Sumner County Schools cuts out field trips to religious venues
Sep. 20, 2013 2:10 AM | 3 Comments
A A Written by Tena Lee Gannett Tennessee
FILED UNDER News News Education
ADVERTISEMENT Sumner County Schools students will no longer be allowed to take field trips to religious venues after the stepfather of a Hendersonville High School student accused the school of promoting Islam.
The issue surfaced when a couple of parents asked about a planned field trip to a mosque and a Hindu temple during the school’s back-to-school night, according to parent Mike Conner. Conner said parents raised concerns about the trip because the 36-week world studies course was only going to be visiting the two religious venues.
For the past 10 years, Hendersonville High School has offered an honors world studies class in which students spend three weeks learning about Christianity, Judaism, Buddhism, Hindu and Islam.
Schools spokesman Jeremy Johnson said the class has visited religious venues in the past, including a Jewish synagogue, a Hindu temple and a mosque. No parents have complained in the past, he said.
Conner said he’s OK with the students studying five religions, but it became a problem for him when only two venues were visited. Conner’s stepdaughter did not take the trip but was allowed to do an alternative assignment.
The school system said this week that all trips to religious venues are off.
“After receiving a parent complaint regarding field trip locations, our district has reviewed the practice and decided to eliminate field trips to religious venues from this class, as it does not provide equal representation to all the religions studied in the course unit,” read the statement. “This decision was made due to the fact that equal representation in regards to field trips for all religions studied in the course is not feasible.”
Kelly Fussman, a 2012 graduate of Hendersonville High School, took the world studies class during the 2008-09 school year.
“The world studies class was really the one and only class that allowed for such an open dialogue of faith and religion,” she said, adding the field trips enhanced that dialogue.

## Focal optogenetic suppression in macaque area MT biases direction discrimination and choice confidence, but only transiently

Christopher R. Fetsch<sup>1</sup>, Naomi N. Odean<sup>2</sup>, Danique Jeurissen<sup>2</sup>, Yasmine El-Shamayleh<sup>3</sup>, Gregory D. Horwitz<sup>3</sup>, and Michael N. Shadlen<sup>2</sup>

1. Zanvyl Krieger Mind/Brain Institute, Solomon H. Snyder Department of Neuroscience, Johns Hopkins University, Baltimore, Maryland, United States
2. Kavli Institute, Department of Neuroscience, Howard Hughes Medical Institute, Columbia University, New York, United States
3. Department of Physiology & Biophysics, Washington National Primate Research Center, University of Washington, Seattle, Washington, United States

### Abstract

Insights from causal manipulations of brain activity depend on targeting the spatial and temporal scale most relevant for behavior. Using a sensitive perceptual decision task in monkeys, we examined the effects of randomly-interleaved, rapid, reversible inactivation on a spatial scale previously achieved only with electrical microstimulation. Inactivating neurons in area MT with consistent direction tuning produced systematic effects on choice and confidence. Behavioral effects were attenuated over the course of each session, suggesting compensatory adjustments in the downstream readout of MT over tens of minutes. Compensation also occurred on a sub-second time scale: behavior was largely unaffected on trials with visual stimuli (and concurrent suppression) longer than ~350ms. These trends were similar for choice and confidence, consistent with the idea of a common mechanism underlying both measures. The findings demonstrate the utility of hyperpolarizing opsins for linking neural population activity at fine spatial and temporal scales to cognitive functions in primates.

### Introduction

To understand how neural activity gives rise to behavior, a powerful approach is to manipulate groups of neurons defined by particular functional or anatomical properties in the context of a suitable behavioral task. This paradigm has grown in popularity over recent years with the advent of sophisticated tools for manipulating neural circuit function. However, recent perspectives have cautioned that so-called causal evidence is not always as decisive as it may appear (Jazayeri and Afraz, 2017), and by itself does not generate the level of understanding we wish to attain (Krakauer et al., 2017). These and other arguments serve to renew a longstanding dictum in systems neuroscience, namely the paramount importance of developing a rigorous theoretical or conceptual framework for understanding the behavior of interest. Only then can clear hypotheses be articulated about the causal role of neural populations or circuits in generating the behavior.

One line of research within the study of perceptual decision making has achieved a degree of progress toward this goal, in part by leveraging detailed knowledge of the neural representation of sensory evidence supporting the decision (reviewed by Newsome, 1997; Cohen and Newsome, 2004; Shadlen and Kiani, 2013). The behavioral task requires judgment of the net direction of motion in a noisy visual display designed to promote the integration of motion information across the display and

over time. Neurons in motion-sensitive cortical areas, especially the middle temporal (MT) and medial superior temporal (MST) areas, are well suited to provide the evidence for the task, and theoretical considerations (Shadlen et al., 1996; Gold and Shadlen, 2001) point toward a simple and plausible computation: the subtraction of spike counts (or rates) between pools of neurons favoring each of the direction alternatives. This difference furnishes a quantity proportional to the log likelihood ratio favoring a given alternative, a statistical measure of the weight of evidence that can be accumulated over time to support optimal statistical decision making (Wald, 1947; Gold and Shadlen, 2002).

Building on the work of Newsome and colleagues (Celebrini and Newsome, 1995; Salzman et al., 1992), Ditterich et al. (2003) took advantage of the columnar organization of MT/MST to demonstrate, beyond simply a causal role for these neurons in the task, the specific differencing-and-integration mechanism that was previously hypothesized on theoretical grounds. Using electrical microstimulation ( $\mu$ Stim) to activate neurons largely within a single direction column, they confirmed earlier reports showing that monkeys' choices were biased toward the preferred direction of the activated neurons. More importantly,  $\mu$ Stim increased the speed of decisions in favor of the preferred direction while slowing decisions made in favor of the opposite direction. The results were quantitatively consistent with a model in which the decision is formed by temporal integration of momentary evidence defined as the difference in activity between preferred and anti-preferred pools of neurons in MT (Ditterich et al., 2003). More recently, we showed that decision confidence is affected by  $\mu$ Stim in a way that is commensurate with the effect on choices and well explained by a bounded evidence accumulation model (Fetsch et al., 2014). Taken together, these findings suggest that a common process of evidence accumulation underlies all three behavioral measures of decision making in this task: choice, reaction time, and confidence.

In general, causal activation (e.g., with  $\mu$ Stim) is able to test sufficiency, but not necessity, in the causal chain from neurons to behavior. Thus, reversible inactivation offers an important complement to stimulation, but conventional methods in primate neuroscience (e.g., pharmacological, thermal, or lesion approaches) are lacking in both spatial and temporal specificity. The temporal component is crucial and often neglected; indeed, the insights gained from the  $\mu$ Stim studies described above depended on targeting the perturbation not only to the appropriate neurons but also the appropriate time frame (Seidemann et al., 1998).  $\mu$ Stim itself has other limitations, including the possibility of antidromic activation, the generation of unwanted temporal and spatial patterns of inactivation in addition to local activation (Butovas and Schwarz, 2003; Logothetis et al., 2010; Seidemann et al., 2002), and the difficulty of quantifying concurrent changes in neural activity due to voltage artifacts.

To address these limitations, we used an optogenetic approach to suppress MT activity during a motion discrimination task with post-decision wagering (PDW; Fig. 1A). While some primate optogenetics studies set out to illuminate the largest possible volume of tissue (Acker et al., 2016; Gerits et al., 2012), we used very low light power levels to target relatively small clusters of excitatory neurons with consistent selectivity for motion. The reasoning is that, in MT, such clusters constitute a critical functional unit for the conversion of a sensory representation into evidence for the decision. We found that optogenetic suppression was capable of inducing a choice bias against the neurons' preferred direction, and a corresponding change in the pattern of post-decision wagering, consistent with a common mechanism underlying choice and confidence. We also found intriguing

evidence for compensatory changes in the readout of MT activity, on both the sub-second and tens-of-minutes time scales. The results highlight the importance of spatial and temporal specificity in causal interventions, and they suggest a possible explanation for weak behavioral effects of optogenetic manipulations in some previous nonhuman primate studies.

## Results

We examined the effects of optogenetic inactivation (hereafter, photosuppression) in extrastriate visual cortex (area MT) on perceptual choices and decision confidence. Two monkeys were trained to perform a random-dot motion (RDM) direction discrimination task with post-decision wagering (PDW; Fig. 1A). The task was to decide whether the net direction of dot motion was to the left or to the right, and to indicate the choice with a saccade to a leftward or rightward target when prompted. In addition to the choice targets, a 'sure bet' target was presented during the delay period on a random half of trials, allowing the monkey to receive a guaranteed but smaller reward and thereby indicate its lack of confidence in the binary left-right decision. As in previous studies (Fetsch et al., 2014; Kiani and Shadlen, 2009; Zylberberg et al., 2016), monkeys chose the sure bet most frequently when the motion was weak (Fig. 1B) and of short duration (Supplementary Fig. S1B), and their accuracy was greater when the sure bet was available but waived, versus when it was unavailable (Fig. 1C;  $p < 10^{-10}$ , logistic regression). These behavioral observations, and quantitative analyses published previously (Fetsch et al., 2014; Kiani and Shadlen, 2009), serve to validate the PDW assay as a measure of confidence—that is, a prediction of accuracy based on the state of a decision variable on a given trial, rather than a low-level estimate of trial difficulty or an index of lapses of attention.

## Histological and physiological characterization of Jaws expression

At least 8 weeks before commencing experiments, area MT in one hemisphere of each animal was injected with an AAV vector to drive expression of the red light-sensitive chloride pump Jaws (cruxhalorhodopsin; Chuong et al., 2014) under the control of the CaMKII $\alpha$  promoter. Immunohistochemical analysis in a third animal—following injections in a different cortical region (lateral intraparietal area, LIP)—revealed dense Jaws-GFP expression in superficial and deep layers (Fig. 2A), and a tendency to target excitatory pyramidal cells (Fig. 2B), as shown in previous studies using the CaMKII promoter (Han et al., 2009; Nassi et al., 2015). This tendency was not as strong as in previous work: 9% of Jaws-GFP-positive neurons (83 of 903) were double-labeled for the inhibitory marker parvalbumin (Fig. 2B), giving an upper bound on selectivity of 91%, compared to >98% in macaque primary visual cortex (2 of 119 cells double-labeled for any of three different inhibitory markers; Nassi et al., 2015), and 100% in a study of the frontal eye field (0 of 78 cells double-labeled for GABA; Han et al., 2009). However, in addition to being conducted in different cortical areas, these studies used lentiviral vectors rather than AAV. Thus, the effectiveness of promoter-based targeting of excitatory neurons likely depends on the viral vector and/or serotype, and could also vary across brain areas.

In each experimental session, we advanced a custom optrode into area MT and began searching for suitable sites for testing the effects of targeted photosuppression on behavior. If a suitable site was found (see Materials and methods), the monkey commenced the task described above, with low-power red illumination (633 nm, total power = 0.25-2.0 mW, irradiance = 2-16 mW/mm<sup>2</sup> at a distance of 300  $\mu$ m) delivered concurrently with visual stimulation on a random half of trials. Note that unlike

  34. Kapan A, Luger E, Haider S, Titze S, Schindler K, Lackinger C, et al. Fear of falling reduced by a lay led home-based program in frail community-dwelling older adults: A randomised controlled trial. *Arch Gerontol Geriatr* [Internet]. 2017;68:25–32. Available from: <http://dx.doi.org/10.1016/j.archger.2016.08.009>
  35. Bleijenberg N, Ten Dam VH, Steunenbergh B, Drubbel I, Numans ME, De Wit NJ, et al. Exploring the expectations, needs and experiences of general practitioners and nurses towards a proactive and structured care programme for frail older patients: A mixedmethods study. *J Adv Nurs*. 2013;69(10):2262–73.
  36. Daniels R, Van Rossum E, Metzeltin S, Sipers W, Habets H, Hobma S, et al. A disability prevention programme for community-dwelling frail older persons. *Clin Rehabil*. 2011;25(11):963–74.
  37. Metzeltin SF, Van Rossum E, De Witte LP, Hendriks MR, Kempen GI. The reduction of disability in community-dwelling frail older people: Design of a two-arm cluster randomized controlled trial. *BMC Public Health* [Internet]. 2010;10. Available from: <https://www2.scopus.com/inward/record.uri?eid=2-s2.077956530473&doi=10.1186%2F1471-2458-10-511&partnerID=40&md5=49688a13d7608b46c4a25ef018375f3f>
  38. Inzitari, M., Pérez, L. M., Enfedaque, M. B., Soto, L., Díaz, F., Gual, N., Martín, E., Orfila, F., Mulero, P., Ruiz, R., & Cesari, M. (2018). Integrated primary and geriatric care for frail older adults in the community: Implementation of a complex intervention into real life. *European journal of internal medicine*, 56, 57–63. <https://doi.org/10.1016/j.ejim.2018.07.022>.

Fussman said Amanda Elmore, who teaches the class, was the first teacher she had who made her think critically about the world.
“Without her pushing the limits, I wouldn’t be so open to new cultures.”
Sigh. My thoughts will sound scattered so bear with me. The past week, I've been reflecting on the history of this country. Earlier this week, I watched one of the Latino Americans segment on PBS. The similarities in the violence of lynchings, stolen land and wealth can be found in their history just like that of African Americans.
Yesterday, I listened to my favorite Left Talk show - Make it Plain with Mark Thompson - and he had the survivor of the 1963 Birmingham Church Bombing on his show (Ms. Sarah Collins Rudolph). She stated yesterday that the bombing shocked her, because, well it was church and you don't associate violence with a place of worship. Then I thought of the Sikh Temple shooting and wanted to cry. That in one event 50 years ago, some people in this nation have learned not one single, solitary damned thing.
Then I read this story, and I'm reminded again of the small mindedness of people in this country. We're so afraid of everything. Everyone who doesn't look like you is the enemy, and I'm tired of it.
We've done enough to every other ethnic group in this country. We've killed people. Imprisoned them. And we're still killing unarmed people for just being the wrong color.